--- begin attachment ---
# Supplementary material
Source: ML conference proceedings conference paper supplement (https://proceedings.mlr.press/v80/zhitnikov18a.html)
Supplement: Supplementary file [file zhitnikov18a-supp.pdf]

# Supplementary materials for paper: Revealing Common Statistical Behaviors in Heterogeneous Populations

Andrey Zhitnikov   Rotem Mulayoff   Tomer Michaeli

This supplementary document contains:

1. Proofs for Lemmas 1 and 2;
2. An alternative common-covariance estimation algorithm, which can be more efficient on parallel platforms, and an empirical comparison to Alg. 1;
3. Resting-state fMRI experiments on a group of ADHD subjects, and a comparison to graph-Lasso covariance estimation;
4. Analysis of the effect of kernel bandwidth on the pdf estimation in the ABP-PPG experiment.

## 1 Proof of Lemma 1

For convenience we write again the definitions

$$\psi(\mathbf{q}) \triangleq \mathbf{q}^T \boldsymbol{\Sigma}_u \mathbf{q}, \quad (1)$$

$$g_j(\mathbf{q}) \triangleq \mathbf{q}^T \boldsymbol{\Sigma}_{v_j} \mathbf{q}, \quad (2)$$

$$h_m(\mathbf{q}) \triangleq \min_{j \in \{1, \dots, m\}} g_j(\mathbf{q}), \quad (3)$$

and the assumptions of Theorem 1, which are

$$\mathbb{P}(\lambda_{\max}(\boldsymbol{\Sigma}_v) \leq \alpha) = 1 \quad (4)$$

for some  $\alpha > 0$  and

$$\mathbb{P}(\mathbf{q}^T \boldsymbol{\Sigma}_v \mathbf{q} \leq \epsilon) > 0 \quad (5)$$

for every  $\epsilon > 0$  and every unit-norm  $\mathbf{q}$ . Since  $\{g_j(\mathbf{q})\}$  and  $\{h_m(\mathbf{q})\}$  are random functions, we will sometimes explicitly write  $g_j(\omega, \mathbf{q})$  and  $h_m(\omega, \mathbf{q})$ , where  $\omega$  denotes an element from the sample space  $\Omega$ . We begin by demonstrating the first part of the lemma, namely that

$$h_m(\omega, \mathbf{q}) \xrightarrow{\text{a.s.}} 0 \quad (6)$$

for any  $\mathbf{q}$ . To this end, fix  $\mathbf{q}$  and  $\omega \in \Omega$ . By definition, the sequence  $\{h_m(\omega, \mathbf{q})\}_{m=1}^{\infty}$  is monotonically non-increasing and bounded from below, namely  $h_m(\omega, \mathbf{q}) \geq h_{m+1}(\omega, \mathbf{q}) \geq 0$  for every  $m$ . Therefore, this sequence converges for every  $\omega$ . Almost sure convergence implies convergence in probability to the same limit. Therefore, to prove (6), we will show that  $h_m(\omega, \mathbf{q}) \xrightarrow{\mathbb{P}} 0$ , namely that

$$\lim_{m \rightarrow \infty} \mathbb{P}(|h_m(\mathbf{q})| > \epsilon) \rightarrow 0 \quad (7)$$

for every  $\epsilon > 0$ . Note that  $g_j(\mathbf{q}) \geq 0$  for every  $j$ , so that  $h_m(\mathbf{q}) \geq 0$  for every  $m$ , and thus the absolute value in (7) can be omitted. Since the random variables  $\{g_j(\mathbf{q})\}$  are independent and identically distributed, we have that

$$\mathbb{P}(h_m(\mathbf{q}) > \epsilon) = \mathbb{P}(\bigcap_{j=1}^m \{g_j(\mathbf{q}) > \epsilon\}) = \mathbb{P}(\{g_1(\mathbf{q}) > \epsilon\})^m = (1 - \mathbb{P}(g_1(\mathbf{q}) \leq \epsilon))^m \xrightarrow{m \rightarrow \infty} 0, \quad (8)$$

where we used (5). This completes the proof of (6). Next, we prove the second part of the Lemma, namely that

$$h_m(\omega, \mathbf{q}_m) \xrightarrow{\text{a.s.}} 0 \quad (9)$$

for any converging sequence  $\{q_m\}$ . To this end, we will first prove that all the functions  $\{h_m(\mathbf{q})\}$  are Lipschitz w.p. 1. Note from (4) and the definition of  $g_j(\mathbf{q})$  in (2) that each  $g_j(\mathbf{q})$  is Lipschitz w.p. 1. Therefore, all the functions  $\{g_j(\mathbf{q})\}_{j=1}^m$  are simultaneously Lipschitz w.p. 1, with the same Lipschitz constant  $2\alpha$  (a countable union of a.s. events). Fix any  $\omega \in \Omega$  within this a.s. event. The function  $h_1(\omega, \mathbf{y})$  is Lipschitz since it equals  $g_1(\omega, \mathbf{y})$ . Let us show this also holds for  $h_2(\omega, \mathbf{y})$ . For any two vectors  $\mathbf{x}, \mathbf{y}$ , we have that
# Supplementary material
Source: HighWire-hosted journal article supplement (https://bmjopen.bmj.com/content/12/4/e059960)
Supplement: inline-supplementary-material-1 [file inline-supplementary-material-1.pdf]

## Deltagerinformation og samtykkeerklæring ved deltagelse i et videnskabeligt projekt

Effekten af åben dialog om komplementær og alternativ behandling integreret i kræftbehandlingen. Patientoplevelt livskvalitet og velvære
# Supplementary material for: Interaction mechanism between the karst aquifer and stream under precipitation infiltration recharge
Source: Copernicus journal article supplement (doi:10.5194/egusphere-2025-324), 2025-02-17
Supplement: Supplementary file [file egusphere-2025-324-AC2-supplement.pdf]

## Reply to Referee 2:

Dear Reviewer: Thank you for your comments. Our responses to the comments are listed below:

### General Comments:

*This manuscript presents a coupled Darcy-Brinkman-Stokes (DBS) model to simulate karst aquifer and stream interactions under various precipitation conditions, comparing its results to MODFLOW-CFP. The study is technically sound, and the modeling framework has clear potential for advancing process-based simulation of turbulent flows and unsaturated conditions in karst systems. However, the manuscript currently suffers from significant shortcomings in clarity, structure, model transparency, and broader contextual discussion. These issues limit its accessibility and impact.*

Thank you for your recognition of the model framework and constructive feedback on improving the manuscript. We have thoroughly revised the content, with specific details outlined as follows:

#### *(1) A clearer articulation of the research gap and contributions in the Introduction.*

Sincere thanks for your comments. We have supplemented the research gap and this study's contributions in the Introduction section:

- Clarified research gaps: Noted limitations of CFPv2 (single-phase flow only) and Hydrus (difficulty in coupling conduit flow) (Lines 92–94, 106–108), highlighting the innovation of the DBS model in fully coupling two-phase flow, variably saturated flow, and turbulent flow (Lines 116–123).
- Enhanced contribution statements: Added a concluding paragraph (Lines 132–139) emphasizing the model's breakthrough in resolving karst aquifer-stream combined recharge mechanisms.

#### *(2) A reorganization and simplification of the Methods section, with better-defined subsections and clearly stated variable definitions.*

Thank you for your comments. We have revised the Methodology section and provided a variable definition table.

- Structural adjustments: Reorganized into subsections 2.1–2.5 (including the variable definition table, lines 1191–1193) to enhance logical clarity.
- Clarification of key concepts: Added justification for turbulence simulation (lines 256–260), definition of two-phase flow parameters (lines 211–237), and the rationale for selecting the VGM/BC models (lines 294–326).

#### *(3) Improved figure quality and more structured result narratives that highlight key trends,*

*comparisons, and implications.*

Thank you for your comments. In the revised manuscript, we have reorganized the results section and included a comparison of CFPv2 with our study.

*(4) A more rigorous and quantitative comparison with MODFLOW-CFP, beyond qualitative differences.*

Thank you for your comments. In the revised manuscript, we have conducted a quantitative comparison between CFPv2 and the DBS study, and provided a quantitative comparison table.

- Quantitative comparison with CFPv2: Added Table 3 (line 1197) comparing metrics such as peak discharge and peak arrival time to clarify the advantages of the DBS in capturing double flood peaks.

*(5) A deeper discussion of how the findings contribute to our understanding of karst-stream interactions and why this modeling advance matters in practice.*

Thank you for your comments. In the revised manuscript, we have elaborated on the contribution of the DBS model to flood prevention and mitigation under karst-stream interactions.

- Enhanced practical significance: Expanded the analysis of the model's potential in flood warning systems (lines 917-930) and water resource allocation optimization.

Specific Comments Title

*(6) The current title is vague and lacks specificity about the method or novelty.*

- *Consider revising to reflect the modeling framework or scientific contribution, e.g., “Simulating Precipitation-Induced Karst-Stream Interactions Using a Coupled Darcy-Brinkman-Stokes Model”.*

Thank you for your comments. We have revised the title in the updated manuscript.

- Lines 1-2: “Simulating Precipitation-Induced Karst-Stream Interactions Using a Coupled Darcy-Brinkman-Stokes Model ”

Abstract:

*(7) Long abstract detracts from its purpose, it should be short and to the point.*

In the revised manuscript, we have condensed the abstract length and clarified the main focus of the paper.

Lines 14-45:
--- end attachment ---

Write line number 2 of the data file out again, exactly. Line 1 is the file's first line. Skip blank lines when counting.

Source: ML conference proceedings conference paper supplement (https://proceedings.mlr.press/v80/zhitnikov18a.html)